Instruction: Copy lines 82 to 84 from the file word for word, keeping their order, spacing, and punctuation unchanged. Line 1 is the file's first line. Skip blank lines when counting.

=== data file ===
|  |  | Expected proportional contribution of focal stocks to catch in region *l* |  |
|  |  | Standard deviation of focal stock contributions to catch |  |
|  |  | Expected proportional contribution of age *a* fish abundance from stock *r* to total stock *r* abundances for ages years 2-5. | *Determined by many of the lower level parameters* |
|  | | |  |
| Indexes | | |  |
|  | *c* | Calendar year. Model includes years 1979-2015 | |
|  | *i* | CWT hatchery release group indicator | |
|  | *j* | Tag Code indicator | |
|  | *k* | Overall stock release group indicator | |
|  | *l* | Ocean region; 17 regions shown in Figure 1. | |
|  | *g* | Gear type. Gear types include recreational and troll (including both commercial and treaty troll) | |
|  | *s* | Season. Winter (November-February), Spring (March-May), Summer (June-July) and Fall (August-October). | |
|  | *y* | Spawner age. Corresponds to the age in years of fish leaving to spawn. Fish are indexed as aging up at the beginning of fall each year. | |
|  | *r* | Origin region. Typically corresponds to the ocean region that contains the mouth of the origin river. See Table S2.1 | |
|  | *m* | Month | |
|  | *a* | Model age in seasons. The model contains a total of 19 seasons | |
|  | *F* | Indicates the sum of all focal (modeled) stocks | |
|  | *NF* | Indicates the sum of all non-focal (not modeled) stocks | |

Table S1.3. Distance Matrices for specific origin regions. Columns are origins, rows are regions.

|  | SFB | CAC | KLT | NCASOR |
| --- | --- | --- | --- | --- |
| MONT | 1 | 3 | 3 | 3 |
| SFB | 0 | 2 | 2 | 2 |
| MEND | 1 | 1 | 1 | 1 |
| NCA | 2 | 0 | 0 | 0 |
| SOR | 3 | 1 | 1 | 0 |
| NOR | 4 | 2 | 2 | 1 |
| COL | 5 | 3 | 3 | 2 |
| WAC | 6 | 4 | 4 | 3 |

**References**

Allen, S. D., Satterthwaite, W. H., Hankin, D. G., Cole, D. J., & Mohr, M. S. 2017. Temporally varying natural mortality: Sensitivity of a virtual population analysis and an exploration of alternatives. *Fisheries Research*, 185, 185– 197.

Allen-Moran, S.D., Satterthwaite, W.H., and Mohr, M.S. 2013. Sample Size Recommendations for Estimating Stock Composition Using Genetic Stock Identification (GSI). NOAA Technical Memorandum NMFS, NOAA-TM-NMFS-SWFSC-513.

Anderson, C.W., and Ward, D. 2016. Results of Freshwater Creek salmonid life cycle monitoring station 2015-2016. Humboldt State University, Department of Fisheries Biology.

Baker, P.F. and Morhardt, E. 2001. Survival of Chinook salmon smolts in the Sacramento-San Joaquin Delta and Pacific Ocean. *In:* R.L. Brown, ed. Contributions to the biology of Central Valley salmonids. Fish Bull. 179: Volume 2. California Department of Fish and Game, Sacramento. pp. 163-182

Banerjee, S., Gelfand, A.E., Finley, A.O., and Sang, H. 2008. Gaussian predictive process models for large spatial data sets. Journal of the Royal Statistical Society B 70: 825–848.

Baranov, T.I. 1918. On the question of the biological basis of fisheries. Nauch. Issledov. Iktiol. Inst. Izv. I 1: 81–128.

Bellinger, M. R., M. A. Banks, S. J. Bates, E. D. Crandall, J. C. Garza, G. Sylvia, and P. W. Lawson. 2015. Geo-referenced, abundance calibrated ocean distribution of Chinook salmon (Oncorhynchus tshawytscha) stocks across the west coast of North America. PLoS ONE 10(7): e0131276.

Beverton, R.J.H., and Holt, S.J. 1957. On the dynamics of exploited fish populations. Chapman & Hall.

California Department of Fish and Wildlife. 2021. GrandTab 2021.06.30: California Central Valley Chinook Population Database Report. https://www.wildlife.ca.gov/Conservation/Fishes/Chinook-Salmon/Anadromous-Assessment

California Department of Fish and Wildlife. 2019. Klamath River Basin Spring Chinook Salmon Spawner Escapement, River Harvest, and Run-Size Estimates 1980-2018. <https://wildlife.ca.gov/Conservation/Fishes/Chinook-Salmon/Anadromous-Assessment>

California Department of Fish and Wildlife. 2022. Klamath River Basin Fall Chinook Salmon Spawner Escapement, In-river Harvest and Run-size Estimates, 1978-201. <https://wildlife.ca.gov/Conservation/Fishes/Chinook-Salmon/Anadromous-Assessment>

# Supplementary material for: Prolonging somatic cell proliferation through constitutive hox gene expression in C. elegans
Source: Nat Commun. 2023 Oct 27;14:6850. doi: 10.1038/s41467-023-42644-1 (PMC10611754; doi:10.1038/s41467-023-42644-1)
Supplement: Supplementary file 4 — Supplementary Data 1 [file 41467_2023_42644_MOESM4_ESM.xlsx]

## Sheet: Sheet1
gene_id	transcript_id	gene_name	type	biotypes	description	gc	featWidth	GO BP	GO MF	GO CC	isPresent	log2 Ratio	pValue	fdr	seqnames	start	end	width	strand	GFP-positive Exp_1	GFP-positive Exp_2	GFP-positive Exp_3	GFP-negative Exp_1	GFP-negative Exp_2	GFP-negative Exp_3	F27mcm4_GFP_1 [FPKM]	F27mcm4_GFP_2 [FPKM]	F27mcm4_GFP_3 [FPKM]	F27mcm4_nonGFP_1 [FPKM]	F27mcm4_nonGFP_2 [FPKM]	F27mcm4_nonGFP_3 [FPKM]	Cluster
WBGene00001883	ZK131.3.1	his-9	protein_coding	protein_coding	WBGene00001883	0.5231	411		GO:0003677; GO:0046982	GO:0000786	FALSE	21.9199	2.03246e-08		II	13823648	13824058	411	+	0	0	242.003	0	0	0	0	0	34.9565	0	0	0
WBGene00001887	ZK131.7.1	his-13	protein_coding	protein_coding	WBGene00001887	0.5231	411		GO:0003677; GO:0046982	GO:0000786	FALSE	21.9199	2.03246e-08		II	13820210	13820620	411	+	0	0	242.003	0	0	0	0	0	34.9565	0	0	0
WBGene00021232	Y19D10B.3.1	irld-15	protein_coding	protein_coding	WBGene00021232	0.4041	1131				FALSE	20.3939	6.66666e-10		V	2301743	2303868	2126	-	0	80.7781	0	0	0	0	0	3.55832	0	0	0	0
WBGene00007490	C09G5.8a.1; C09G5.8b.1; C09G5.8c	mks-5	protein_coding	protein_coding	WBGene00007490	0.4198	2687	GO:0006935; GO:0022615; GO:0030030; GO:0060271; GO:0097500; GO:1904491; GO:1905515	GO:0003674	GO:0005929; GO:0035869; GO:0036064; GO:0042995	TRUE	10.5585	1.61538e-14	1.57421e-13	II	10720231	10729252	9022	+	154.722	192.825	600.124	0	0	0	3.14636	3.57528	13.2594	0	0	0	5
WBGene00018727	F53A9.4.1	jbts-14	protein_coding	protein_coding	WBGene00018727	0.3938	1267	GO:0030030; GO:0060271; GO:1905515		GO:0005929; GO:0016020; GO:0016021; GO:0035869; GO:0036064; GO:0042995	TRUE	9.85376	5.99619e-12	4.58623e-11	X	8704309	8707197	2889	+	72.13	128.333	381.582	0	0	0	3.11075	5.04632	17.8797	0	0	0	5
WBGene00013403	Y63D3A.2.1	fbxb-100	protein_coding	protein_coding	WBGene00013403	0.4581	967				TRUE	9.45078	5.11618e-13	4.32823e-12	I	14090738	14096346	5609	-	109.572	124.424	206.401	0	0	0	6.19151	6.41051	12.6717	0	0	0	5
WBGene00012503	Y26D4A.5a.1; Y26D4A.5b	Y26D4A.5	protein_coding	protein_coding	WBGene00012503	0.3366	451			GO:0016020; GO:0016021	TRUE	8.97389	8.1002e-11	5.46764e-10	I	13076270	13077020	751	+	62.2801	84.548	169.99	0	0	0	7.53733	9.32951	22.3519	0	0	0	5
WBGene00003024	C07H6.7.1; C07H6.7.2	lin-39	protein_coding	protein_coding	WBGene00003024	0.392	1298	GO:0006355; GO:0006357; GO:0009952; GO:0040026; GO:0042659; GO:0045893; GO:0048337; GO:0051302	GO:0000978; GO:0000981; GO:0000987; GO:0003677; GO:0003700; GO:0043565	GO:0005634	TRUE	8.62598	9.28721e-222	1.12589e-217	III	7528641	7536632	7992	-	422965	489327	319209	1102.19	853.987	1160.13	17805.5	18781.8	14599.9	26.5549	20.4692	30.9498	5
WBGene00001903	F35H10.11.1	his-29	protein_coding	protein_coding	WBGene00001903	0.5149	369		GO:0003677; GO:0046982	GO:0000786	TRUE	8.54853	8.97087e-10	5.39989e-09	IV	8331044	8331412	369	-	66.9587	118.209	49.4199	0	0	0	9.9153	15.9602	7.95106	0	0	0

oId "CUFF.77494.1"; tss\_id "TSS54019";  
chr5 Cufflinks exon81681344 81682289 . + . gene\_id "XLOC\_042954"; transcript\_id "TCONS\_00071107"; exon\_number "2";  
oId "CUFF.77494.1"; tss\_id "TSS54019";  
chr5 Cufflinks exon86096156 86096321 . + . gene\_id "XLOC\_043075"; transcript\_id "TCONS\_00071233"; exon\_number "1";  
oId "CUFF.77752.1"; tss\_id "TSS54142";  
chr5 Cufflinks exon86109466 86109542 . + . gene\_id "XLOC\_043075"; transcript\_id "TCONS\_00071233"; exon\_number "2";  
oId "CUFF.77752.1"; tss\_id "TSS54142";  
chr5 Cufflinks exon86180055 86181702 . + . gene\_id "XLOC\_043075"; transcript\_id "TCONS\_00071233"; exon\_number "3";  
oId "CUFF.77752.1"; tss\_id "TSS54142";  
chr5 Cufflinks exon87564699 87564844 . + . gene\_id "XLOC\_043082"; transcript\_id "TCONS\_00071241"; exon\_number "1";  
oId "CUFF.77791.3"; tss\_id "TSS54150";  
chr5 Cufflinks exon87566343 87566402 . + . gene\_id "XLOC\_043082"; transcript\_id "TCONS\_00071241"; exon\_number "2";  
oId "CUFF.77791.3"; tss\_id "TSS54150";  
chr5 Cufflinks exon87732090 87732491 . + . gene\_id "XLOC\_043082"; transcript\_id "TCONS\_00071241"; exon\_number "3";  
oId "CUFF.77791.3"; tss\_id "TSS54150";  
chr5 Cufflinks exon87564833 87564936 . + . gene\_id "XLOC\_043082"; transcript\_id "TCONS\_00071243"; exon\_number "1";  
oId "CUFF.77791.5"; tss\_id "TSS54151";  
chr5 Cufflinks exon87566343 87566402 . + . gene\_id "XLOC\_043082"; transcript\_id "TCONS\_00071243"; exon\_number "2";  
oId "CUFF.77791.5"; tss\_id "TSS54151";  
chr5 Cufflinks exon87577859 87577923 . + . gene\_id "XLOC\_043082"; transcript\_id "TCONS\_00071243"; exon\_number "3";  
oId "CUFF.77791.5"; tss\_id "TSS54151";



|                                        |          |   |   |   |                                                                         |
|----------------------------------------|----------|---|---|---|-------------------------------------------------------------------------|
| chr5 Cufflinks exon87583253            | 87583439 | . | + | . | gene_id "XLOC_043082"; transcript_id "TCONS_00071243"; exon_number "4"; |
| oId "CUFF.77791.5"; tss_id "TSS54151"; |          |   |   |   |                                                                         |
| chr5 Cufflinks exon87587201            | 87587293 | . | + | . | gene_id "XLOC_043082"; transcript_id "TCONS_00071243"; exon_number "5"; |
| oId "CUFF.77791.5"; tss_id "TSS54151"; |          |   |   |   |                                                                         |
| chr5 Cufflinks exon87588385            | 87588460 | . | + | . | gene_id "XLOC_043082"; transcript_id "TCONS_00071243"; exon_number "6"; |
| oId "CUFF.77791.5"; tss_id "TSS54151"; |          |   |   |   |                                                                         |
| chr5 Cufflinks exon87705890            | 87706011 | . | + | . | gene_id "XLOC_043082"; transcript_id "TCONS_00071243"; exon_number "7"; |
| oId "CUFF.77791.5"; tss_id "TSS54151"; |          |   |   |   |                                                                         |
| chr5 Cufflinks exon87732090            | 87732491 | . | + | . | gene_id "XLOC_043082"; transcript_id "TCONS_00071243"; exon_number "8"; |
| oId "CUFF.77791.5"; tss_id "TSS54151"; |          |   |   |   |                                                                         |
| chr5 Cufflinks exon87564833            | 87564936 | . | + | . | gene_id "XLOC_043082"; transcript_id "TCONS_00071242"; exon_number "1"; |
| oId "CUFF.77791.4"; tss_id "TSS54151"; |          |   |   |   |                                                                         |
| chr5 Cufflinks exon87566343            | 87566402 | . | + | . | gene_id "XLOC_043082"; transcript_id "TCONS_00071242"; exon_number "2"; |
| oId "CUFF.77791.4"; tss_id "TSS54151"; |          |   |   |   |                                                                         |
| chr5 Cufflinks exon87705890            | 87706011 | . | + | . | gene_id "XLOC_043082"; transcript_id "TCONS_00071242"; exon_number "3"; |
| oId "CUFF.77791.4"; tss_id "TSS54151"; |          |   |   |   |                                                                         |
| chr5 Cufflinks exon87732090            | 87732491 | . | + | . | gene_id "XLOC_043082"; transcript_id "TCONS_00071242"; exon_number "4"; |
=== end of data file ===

| oId "CUFF.77791.5"; tss_id "TSS54151"; |          |   |   |   |                                                                         |
| chr5 Cufflinks exon87588385            | 87588460 | . | + | . | gene_id "XLOC_043082"; transcript_id "TCONS_00071243"; exon_number "6"; |
| oId "CUFF.77791.5"; tss_id "TSS54151"; |          |   |   |   |                                                                         |